|01-09-2017 01:11 AM|
There is commonly a seal around the throttle shaft inboard, but if it has gone bad then the outer dust seal o-ring for the TPS can be the stopper of a minor vacuum leak there.
Lots of people clean the TBs with solvent and then those inner seals swell up from solvent exposure, working the TB at that time can easily tear/shred the seal since exposure also makes it much softer too. When I clean one I wait 24 hrs before moving it. Zero issue then, the solvent being a VOC evaporates over time to then leave the seal pretty much like it was before.
If you yank TB with no gasket change..............well, often a mistake, the gasket takes a set and no way does it reseal like before. I don't care how good it looks.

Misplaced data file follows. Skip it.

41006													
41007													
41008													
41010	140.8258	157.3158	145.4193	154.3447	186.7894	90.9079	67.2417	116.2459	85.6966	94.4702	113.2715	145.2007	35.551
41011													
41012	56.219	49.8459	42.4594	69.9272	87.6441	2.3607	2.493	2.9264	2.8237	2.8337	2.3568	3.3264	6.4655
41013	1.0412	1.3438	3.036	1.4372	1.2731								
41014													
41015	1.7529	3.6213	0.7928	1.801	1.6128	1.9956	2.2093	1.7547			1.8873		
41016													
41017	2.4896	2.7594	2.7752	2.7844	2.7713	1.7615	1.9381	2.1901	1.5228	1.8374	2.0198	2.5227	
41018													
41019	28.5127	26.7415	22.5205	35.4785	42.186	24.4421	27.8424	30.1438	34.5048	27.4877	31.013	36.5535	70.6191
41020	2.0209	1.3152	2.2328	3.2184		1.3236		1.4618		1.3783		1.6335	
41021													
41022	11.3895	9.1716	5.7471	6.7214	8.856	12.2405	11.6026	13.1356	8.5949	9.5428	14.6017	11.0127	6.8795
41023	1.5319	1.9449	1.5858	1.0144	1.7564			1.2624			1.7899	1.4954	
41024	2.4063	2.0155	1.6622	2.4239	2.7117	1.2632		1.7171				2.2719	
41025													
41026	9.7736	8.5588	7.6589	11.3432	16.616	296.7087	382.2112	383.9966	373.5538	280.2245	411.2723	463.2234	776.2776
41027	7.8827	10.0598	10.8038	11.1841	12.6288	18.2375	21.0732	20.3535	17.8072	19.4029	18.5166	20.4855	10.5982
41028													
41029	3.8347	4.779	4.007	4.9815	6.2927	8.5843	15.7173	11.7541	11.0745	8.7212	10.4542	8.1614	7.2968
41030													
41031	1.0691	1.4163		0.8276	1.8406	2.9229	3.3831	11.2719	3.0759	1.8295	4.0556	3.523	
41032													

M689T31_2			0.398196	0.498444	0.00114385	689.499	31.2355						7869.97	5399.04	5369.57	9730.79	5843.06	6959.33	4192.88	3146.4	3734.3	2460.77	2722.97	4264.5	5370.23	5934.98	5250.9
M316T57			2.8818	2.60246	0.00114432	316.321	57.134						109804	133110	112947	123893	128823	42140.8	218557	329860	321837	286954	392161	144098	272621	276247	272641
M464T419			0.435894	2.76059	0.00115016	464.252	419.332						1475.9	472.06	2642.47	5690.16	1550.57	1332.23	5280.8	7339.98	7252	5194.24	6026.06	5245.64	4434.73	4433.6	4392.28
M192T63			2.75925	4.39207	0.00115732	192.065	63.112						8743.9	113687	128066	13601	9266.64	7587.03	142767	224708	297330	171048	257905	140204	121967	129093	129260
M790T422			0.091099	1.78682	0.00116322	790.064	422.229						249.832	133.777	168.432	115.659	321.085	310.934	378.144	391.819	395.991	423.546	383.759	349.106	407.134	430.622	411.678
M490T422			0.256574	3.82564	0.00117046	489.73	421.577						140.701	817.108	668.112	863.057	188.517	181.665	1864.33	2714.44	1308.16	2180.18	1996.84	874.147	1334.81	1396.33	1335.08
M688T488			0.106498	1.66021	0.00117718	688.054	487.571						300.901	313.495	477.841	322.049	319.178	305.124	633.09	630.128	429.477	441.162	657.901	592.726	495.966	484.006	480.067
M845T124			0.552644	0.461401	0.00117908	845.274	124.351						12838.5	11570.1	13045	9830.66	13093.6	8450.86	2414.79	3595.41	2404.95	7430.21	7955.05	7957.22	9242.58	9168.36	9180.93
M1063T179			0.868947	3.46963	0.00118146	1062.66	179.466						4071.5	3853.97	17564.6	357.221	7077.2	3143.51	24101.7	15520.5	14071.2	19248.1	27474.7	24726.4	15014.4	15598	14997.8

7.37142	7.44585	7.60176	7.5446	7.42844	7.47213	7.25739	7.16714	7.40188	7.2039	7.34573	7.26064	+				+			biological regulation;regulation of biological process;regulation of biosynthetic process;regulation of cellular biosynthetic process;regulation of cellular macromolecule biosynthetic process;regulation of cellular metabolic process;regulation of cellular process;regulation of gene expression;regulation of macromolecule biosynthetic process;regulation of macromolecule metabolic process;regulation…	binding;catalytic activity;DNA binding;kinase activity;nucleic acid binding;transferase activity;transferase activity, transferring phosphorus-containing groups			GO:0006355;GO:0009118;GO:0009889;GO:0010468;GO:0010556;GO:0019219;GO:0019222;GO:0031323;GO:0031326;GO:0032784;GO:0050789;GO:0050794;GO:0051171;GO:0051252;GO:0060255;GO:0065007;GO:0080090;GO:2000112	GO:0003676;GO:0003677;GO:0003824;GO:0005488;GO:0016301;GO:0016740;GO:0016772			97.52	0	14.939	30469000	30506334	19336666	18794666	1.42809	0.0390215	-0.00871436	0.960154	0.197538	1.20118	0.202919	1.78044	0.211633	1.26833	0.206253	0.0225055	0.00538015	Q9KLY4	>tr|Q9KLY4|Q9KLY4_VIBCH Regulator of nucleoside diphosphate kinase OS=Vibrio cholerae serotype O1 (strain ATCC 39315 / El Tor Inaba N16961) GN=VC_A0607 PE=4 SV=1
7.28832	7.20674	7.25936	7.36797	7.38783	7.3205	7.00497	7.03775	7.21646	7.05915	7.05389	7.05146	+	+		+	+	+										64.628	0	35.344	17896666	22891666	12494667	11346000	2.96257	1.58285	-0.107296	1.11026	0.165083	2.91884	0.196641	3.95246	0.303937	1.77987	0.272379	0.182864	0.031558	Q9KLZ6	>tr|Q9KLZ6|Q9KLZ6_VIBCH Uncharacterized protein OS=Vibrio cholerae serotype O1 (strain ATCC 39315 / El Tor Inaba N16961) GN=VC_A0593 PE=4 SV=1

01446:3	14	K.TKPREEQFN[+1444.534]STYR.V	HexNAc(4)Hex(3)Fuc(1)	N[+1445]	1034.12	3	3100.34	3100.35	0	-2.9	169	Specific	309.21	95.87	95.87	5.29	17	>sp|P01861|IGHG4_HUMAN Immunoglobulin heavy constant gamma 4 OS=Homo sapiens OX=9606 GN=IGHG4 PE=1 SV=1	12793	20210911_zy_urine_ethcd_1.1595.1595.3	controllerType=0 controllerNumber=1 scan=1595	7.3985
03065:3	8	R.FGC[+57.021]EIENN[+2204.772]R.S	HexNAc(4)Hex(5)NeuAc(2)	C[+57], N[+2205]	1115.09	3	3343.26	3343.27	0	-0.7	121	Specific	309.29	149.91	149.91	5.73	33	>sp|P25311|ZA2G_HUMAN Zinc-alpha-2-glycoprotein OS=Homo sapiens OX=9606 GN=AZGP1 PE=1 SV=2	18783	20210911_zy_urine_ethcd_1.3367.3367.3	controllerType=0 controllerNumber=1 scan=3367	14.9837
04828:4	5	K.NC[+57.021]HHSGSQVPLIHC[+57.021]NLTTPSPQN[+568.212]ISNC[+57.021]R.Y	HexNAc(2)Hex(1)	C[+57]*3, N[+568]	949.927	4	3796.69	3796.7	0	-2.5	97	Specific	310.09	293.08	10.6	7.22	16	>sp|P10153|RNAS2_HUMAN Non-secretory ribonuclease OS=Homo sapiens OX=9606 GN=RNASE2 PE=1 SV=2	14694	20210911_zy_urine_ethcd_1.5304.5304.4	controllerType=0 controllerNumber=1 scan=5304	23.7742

|01-08-2017 04:13 PM|
|charliebrownboy||Thank you for reply. I did exactly the same as mine was also cracked allowing a vacume leak. I have since sold the vehicle.|
|01-08-2017 04:26 AM|
2006 Focus idle issue solved
Just went through all this. Started when I cleaned the throttle body...No vacuum leaks, but found the Throttle Position Sensor broke on the side.
Replaced throttle body with sensor attached, now works fine.
|11-20-2015 02:15 AM|
If you get a tune from Tom doesnt the "ECU learning" thing get turned off?
I just started having issues after changing my battery also, it was going on 5 years and before i started having any issues i just replaced it because i know these cars are bad for burning up alternators.
I thought my IAC was causing problems so i unhooked it but i still had issues. It wouldnt start correctly when it was cold but with it unhooked the idle wouldnt jump around like it had been.
I have an AEM A/F gauge installed in my exhaust and i notice when the car revs up during idle my gauge is showing lean. It goes from normal where it bounces around 14.7 down to around 12